Donors Should Speak Up to Protect Civil Society
January 22, 2010
Cambodians who speak out to defend their homes, their jobs, and their rights face threats, jail, and physical attacks. The only way that the Cambodian government will end its assault on civil society is if influential governments and donors demand real change and put the pressure on.
Brad Adams, Asia director

(New York) - Cambodia's respect for basic rights dramatically deteriorated in 2009 as the government misused the judiciary to silence government critics, attacked human rights defenders, tightened restrictions on press freedom, and abandoned its international obligations to protect refugees, Human Rights Watch said today in its new World Report 2010.

The 612-page World Report 2010, the organization's 20th annual review of human rights practices around the globe, summarizes major human rights trends in more than 90 nations and territories worldwide. Cambodian human rights defenders were threatened, arbitrarily arrested, and physically attacked during 2009, Human Rights Watch said. Victims included staff and volunteers of human rights organizations, as well as community-based activists working on land rights, natural resource exploitation, and forced evictions.

"Cambodians who speak out to defend their homes, their jobs, and their rights face threats, jail, and physical attacks," said Brad Adams, Asia director at Human Rights Watch. "The only way that the Cambodian government will end its assault on civil society is if influential governments and donors demand real change and put the pressure on."

Violations often occurred during mass evictions when police and soldiers frequently used unnecessary or excessive force.  For example, on January 24, the streets of central Phnom Penh were filled with heavily armed soldiers firing teargas and water cannons as they forcibly evicted hundreds of families from the Dey Krahom community. In March, police opened fire on unarmed farmers protesting confiscation of their land in Siem Reap province, seriously wounding four villagers.

More than 60 community activists were imprisoned or awaited trial - often on spurious charges - for helping to organize and represent fellow community members facing eviction or illegal confiscation of their land.

Urban poor evicted from their homes were often dumped in squalid relocation sites far from the city that lack water, social services, and access to jobs.

At least 10 government critics - including four journalists and several opposition party members - were sued for criminal defamation and disinformation by government and military officials, the report says.

"As the political space shrinks for human rights and advocacy groups to defend themselves, there are valid concerns that a pending law to increase restrictions on nongovernmental organizations will be used to shut down groups critical of the government," Adams said.

The report details other key issues including political violence, the lack of accountability  by government officials involved in abuses, arbitrary detention and abuse of sex workers, and substandard prison conditions.

Over 2,000 people who use drugs were arbitrarily detained in 11 government-run drug detention centers, where arduous physical exercises and forced labor are the mainstays of their "treatment," and torture is common. Even if an assessment concludes that an individual is not dependent on drugs, the centers continue to hold some detainees arbitrarily.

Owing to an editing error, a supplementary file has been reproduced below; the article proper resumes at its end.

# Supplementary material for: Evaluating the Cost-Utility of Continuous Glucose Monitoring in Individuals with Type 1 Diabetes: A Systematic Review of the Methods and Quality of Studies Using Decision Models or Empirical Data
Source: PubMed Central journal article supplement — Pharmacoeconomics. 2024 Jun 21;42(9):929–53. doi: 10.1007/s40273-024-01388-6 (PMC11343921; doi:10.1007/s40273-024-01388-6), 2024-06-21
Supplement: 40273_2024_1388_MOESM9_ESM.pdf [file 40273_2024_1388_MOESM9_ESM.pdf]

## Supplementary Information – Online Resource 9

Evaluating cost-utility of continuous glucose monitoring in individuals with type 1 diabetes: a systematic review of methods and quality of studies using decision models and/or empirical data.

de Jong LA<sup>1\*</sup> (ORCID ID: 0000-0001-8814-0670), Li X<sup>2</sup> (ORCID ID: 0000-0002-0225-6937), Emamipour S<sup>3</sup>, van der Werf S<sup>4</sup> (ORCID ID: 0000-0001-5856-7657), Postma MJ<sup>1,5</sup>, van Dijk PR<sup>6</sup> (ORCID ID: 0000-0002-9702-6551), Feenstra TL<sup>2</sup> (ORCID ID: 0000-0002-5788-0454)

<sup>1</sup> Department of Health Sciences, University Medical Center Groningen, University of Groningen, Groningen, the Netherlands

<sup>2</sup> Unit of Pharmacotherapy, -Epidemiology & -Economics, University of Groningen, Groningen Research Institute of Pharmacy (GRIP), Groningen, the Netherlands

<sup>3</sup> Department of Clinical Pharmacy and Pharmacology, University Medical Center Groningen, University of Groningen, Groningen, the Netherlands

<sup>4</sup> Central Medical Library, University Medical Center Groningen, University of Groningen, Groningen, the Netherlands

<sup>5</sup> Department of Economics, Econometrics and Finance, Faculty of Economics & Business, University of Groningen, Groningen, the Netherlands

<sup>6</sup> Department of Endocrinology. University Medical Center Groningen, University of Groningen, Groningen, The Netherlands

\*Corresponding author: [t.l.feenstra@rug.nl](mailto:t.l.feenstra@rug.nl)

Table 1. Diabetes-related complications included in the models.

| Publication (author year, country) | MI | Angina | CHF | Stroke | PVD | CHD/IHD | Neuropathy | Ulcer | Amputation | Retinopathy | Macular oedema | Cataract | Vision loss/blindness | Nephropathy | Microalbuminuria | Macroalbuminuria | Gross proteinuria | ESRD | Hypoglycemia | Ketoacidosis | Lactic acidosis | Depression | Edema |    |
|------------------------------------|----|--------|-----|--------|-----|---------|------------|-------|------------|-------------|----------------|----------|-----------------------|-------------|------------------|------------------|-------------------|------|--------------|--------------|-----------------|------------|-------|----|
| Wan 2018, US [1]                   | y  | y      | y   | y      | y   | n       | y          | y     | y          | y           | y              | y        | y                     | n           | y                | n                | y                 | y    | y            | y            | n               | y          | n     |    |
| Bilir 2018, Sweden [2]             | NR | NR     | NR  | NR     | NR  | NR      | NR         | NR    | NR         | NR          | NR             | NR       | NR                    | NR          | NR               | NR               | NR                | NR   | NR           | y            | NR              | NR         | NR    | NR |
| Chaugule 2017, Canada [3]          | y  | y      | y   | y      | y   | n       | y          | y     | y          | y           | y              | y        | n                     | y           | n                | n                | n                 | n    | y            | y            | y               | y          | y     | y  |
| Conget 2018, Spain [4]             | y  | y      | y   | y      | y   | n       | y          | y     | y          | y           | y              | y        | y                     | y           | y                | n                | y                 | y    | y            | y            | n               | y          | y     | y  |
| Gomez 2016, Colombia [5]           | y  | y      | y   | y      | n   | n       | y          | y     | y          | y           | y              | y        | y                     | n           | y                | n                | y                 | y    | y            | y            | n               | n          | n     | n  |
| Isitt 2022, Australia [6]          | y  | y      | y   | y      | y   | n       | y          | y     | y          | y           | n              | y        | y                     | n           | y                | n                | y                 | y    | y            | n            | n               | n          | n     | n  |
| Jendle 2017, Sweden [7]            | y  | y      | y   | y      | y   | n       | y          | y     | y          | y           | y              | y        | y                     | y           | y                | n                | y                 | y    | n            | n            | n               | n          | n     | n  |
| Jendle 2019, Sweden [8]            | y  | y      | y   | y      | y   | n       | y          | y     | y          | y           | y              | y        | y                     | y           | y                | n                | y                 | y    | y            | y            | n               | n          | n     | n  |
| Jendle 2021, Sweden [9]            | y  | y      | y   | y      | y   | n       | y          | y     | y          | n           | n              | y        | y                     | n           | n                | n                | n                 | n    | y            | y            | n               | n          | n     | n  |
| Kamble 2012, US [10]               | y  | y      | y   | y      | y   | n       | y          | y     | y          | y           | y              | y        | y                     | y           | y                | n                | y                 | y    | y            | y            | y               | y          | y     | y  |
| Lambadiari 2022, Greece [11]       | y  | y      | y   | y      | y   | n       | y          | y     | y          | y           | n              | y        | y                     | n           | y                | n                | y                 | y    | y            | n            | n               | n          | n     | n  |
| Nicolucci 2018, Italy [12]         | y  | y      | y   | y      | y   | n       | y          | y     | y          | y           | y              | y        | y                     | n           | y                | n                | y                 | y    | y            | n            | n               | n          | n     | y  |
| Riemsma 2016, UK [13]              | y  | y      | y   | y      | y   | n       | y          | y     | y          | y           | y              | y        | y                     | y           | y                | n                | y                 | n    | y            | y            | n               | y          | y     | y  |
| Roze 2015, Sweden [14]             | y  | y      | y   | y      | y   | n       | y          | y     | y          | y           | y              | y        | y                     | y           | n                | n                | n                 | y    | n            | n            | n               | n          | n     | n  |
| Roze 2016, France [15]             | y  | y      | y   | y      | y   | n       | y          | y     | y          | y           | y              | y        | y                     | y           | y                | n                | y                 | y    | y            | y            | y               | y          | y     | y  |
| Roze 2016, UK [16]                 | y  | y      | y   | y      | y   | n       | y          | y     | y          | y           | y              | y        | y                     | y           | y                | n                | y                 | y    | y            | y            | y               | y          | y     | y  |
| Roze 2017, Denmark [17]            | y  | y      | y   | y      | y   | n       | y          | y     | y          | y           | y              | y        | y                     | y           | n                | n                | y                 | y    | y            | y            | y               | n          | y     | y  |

One of the year's low points was the government's forcible deportation of 20 Uighur asylum seekers from Cambodia to China on December 19, without an examination of their refugee claims.  This action was a clear violation of Cambodia's obligations as a state that has ratified the 1951 Convention relating to the Status of Refugees and its 1967 Protocol.

"Cambodia's deportation of the Uighurs was a glaring example of the government's failure to respect human rights," Adams said. "The Cambodian government showed its profound disregard for minimum standards of due process, refugee protection, and international cooperation."

Khmer Krom (ethnic Khmer from southern Vietnam) asylum seekers and migrants  faced obstacles to obtaining safe places to live and full citizenship rights in Cambodia, despite pronouncements by the Cambodian government that it considers Khmer Krom who move to Cambodia to be Cambodian citizens.

Thirty years after the fall of the Khmer Rouge, justice for the crimes of that era remained as elusive as ever, Human Rights Watch said. The US$100 million Khmer Rouge tribunal continued to face political interference and made little headway in addressing credible reports of corruption that have plagued the court and undermined its credibility.

Human Rights Watch expressed concerns about the training and material support donors are providing for Cambodian military, police, and counterterrorism units with track records of serious human rights violations. Donors should conduct more thorough vetting of individuals and their units participating in such programs to ensure that none have been involved in rights abuses, Human Rights Watch said.

"While donors may have policy reasons to work with the Cambodian security forces on issues such as terrorism and peacekeeping, they should work just as hard on holding abusers accountable and ending the culture of impunity that exists for high-ranking members of the security forces and those close to Prime Minister Hun Sen,"  Adams said.

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